I have never been one to do the easy thing or take short cuts. I can be fantastically lazy, but it's as if I am drawn to that which will bruise me, the road that will make me fight for each small victory. Not infrequently, I look at some of my choices and think -- why the hell did I do that? Not because I am embarrassed by the life I am living -- in fact, much of what I do makes me quite proud -- but because I can't seem to freaking relax. Ever. Have an extra hour in the day? Should probably do a spin class on top of that yoga class. Getting to the hospital early? Of course! But not before I make a healthy breakfast and lunch, do my hair and makeup, and clean my apartment between the hours of 4AM and 5:30AM.
Swear to God(dess), this is not humble bragging... because I've learned some pretty tough lessons in 2014. Humbling lessons. Sadness and loneliness that I sometimes think I'd rather forget.
You see, this quest for productivity means a few things. First and foremost, I stay hella busy. Busy enough that I am not generally alone with my thoughts. It also means that I look at other people's lives with a weird mix of jealousy and judgement. I am simultaneously thinking: Stop complaining and get your life together! AND I really wish I would allow myself some downtime.
Lately, the balance has been even more tenuous. A series of pretty bad heartaches befell me this year (although, befell is not the right word, becuase in truth, I am culpable), and it has left me a lot of time to contemplate the meaning of life and other things I can't really figure out. For instance: myself. I can't figure myself out. It's a kind of existential crisis. Who am I? What are my goals? My life seems pretty good--why does it also seem vapid and on the verge of destruction?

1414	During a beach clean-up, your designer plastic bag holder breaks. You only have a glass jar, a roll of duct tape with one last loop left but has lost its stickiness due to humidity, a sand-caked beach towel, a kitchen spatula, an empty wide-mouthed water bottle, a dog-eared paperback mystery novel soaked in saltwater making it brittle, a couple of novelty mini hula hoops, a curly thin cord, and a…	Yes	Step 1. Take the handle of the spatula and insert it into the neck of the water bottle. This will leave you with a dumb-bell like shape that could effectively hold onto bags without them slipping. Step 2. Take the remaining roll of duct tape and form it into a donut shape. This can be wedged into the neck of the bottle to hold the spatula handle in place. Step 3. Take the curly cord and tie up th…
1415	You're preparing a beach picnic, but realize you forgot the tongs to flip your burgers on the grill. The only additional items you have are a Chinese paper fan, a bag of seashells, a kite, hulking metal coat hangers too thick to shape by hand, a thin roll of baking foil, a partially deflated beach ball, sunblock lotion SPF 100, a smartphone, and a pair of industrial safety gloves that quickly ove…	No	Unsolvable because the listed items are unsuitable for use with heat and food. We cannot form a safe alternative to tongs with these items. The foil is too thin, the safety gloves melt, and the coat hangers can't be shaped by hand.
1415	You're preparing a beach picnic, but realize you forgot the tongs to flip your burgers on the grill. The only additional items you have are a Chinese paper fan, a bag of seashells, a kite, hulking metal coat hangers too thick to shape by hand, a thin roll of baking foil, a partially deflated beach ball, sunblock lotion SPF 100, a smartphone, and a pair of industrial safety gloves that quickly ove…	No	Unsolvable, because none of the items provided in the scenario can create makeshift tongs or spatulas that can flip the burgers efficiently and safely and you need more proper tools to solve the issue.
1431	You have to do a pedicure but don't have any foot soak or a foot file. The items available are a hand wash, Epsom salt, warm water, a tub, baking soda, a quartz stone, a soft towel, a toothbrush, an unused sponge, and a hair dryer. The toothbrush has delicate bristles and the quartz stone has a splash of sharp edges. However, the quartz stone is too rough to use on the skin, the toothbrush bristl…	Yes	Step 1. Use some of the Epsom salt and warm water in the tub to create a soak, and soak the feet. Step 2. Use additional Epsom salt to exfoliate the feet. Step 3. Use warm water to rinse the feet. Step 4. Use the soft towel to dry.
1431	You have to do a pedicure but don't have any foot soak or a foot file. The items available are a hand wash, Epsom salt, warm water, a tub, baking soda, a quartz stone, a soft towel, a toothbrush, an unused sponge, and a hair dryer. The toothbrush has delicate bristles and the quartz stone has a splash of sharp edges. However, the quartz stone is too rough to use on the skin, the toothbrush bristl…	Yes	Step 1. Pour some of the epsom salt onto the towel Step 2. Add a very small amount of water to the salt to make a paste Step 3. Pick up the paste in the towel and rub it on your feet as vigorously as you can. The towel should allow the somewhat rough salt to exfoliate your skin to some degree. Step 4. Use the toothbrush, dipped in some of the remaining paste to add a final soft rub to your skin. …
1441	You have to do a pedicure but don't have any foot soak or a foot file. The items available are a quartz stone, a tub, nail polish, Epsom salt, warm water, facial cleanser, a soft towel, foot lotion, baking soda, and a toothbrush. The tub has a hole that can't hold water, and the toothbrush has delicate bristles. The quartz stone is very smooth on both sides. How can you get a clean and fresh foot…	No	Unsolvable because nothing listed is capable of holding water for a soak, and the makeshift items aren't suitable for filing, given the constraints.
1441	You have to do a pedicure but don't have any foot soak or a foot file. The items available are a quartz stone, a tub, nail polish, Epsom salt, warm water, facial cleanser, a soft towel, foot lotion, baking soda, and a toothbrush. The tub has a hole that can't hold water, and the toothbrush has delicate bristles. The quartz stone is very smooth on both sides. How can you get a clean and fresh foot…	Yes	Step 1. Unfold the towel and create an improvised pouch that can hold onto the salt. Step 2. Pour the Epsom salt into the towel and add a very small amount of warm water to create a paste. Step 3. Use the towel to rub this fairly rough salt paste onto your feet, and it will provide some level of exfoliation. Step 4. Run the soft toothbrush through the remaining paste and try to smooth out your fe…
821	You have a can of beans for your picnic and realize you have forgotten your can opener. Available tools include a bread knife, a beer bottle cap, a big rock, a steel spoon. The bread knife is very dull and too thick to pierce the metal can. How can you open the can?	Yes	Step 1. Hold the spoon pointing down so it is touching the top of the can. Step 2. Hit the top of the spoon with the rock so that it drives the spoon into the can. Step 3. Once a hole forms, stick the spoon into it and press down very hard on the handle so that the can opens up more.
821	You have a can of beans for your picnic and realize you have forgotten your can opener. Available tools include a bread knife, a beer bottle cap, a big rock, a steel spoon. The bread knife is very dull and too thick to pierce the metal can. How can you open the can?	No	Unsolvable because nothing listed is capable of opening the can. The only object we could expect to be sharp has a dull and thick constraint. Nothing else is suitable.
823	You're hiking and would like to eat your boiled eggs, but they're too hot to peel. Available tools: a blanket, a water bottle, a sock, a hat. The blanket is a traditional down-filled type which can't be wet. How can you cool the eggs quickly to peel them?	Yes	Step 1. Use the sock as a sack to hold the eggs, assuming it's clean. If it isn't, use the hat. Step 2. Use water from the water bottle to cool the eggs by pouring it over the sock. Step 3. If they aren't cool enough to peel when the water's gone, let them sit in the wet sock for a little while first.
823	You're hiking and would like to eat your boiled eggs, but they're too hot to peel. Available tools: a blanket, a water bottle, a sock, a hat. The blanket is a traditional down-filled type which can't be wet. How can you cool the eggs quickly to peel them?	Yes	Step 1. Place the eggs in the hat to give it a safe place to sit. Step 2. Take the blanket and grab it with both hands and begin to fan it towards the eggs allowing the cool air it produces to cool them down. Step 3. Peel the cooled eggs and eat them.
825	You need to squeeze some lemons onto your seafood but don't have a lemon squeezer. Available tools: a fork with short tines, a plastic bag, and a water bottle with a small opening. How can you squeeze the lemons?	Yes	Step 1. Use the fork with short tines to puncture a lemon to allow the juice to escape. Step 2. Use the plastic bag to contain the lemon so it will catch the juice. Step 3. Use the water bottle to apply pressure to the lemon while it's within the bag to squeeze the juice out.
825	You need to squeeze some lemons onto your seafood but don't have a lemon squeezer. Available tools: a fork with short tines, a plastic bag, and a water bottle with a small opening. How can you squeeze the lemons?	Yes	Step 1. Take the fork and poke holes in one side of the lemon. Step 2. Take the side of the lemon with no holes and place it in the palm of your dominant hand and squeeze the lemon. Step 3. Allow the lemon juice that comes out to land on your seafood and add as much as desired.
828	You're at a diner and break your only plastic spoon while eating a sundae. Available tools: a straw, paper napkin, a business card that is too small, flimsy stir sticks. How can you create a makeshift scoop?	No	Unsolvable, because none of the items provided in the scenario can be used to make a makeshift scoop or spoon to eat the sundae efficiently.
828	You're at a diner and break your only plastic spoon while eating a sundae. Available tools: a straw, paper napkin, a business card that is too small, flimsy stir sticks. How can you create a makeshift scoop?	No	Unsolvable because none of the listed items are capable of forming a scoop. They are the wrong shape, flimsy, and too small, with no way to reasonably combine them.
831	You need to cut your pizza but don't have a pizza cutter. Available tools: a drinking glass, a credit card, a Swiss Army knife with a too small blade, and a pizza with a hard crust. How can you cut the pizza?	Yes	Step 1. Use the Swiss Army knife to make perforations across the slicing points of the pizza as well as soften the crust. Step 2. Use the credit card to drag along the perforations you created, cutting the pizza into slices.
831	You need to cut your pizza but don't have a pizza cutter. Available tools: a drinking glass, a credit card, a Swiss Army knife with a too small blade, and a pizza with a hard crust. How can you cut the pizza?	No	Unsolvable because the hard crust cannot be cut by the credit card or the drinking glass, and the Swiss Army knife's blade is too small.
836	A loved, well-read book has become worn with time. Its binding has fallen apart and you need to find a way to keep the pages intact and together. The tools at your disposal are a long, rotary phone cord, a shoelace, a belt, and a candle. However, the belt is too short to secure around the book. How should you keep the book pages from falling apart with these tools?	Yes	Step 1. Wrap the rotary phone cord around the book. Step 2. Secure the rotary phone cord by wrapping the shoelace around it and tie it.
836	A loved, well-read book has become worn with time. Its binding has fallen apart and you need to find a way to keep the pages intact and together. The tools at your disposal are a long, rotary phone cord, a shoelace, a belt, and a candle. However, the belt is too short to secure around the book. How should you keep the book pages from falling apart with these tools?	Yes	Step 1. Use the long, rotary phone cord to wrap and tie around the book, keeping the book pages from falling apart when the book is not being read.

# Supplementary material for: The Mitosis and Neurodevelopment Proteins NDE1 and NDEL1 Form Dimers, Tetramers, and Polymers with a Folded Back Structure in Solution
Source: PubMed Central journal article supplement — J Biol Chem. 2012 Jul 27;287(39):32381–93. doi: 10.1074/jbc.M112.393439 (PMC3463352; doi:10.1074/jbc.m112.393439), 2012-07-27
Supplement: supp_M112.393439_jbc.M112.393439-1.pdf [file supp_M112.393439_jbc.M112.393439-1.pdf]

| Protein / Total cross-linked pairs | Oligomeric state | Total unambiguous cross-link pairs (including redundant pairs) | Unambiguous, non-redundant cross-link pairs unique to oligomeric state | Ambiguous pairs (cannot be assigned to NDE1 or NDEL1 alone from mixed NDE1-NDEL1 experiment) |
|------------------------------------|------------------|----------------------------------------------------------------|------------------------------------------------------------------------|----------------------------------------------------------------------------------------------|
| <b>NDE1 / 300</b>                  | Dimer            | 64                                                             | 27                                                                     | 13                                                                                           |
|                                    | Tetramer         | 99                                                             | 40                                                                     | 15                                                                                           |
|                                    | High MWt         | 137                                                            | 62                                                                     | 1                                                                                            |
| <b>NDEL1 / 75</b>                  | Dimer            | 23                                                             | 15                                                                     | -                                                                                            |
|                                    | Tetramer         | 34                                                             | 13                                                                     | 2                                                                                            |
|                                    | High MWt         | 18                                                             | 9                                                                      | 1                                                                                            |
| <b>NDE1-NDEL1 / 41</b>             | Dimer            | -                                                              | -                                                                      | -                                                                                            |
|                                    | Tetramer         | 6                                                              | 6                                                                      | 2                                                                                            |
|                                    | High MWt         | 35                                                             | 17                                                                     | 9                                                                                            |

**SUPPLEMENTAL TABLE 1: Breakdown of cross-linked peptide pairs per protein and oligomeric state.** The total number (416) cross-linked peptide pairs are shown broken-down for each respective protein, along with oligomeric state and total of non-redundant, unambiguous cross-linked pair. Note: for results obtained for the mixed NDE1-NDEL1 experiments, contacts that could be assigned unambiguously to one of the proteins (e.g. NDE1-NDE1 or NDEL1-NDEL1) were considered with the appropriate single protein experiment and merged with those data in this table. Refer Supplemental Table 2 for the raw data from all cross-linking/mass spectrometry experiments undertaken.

This latest heartache was truly head-spinning and left me with a lot of questions. Now, initially I was pretty angry. How dare someone point out my various weaknesses! Why did I allow my vulnerability to show?! What am I to do with this ... information? Then, I realized that these exposures were a gift. While I initially judged myself harshely for these flaws and weaknesses, I have come to appreciate that the pain of this process meants I was coming in to myself.
Lately, I have been occasionally mourning my cognitive dissonance. It was kind of nice to be blissfully unaware of the psychodynamic underpinnings of my social deficits. I think everyone is aware of their flaws--it's hard not to be, much of the superficial is shoved down our throats on the daily--but aside from hating my body from the age of ten, I actually thought I had my shit together. Oh how wrong I was.
A few years I began to notice that I truly worshipped alone time. I would leave parties or even small gatherings feeling exhausted. A little reflection made me realize I had always been this way. I was happy to play by myself as a kid, often spent recess indoors on a computer, and had only ever done solo sports. This revelation didn't really bother me all that much. I was actually pretty good at being social. Despite my propensity to isolate, I do well in a crowd. It just leaves me feeling exhausted and craving quiet.
This need for space and time, however, puts pressure on a relationship. Especially when you are working 80+ hours a week. Think of your hardest, longest day at work in the past year. When you came home, were you feeling amorous? Did you want to chat and relax with your loved one or friends? Or did you eat a pint of ice cream and cry for a little bit? Now think of about 14 of those days back to back. That is residency. Add that exhaustion and emotional fatigue to the needs of a true introvert and you have a pretty shitty romantic partner.
The problem is that I allowed that to be the demise of my relationships. Instead of fighting through it and figuring it out, I allowed myself to lose two women who were amazing humans. And I got really stuck on that. Really stuck. I saw other partnerships weathering residency just fine and wondered, what is my problem? It wasn't for lack of love--that's for sure. The depth of my feelings has been borne out in the physical aches I've felt since the end of my last relationship.